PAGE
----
Federal officials may file fraud charges against individuals who receive business loans that a bank should not have approved. Financial institutions, however, have the responsibility of conducting due diligence regarding the information submitted with loan applications.
As noted by BankInfoSecurity.com, auditing financial statements may reveal red flags. Not all financial institutions, however, have shown the expected consistency in their oversight procedures.
Banks generally require business background checks
Before approaching lenders, loan applicants typically create business plans and financial statements for a bank officer’s review. Most business plans include information about a company’s primary customers and the products or services offered. A bank’s due diligence may include contacting a business’s customers or suppliers to inquire about the relationship.
A bank officer may also verify information through public records and ask to tour the business’s physical location. If a business does not show sufficient proof of income or cash flow, many bank officers decide to not approve the loan.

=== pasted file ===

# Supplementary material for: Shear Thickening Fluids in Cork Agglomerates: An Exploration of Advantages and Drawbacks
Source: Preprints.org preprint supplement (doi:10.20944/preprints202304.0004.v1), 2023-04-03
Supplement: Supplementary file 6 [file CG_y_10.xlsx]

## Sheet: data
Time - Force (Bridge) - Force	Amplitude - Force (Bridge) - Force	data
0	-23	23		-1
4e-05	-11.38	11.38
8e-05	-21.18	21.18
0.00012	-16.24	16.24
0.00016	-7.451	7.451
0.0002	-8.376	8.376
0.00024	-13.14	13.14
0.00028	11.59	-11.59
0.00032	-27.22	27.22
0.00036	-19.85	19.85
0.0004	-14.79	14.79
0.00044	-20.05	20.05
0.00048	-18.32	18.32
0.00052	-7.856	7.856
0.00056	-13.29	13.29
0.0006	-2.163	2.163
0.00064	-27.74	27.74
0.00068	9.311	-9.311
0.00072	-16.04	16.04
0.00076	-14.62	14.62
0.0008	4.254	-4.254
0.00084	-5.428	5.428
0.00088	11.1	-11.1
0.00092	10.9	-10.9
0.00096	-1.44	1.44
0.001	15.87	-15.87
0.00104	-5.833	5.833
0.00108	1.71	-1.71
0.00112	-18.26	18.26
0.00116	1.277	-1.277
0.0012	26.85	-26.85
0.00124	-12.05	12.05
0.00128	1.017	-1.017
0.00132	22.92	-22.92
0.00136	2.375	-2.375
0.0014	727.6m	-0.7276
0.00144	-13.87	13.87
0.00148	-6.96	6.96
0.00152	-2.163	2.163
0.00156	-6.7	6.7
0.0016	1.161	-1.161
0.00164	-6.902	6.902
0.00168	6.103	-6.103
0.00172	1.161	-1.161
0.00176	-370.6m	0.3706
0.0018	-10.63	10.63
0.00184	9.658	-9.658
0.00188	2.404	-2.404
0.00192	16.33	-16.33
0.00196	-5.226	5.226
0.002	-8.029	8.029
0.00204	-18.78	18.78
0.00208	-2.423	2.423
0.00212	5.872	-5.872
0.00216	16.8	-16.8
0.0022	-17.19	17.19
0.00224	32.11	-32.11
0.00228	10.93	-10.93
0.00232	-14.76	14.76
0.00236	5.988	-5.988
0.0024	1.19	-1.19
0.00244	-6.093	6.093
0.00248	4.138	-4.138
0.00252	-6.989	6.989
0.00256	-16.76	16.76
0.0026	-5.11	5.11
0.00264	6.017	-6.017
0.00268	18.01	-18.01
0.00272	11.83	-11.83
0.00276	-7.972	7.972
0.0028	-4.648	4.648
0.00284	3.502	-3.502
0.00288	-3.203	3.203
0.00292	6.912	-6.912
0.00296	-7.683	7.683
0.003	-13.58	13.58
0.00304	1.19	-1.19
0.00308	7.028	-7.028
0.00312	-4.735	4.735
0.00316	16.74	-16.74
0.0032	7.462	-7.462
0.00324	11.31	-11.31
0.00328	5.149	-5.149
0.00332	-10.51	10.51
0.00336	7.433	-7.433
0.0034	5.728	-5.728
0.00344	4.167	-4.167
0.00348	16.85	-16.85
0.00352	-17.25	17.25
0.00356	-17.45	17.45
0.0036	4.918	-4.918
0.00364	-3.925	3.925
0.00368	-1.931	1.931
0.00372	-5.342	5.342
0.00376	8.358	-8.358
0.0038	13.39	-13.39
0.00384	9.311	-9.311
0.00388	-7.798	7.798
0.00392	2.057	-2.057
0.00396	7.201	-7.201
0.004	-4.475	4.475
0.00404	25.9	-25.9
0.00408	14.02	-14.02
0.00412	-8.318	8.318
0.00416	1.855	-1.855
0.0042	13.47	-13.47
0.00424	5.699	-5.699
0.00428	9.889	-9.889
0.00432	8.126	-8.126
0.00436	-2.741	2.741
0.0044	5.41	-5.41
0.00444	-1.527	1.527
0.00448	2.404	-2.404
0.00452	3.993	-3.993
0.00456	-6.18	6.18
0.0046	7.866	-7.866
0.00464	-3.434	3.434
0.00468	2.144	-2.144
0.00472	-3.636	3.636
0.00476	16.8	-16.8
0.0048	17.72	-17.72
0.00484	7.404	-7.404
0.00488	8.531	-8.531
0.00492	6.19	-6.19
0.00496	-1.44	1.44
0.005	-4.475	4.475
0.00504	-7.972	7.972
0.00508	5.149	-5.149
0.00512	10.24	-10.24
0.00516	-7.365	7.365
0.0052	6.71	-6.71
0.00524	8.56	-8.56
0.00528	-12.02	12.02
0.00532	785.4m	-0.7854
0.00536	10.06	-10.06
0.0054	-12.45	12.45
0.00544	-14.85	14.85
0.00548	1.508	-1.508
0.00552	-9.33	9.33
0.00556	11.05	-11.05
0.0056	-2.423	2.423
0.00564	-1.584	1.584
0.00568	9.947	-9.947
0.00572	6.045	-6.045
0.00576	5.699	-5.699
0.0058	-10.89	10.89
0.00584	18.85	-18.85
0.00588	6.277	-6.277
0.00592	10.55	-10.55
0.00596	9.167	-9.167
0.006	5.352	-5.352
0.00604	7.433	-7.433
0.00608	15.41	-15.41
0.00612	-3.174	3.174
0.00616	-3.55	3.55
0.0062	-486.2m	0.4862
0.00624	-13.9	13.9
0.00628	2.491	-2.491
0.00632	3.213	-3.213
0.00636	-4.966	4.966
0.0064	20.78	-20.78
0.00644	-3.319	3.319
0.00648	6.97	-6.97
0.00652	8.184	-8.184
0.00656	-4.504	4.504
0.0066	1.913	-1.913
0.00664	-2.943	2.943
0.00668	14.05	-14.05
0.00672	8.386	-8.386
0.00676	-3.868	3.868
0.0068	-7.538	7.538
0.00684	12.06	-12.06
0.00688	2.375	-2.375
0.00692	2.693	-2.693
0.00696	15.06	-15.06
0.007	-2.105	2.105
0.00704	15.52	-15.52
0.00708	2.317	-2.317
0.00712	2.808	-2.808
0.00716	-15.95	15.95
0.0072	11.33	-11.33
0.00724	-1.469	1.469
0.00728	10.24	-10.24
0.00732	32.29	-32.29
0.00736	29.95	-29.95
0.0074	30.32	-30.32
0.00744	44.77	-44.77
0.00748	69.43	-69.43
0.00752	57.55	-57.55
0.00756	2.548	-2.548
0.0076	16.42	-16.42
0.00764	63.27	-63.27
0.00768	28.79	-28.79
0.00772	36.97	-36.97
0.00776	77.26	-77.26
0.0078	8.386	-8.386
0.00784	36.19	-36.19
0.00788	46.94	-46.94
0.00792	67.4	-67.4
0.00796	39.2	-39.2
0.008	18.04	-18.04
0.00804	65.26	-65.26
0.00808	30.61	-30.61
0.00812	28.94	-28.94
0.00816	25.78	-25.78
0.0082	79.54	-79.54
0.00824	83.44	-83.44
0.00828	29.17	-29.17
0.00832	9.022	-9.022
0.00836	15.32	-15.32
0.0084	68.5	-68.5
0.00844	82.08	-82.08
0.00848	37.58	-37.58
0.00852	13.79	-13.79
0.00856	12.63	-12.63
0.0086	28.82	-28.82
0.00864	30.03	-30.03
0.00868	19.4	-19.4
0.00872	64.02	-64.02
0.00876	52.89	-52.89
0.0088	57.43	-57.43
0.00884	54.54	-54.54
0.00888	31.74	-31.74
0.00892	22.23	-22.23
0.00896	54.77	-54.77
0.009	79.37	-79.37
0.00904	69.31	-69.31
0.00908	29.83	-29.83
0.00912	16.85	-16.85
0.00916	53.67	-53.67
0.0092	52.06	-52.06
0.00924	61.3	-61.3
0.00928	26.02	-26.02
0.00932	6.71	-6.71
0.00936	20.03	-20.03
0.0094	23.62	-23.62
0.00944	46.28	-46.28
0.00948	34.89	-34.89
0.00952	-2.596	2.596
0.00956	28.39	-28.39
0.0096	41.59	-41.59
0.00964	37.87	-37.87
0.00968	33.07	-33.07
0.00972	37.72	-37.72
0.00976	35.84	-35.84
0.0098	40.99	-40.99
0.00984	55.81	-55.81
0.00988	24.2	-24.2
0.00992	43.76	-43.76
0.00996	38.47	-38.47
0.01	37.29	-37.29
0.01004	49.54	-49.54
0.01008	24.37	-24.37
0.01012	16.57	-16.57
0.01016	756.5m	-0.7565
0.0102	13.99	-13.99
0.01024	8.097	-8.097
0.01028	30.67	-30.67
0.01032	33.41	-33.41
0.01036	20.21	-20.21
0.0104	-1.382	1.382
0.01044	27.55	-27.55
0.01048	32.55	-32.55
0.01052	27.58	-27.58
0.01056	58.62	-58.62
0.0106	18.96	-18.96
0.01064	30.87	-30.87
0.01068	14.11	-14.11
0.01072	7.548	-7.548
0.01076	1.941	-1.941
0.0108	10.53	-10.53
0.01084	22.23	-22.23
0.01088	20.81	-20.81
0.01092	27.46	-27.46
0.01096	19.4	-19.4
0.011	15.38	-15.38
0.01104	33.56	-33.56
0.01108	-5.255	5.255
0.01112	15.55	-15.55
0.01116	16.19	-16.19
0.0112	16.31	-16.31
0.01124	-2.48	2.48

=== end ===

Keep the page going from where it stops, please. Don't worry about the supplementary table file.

Federal fraud charges filed against Texas loan applicant
After applying for business loans at two separate banks, a Houston resident obtained more than $1.6 million. As reported by Click2Houston.com, federal prosecutors allege he falsely represented company payroll expenses.
Instead of using the loans to pay employees as specified by their terms, he allegedly spent the proceeds on personal items and entertainment. The Department of Justice seized more than $700,000 in funds and accepted a guilty plea on charges of money laundering and wire fraud.
By failing to perform a thorough background check, a bank’s poor oversight may lead to a federal investigation. If documents submitted to a bank do not match government tax records, an applicant may face allegations of loan fraud. In some cases, a charged applicant’s plea deal may reduce the severity of the penalties.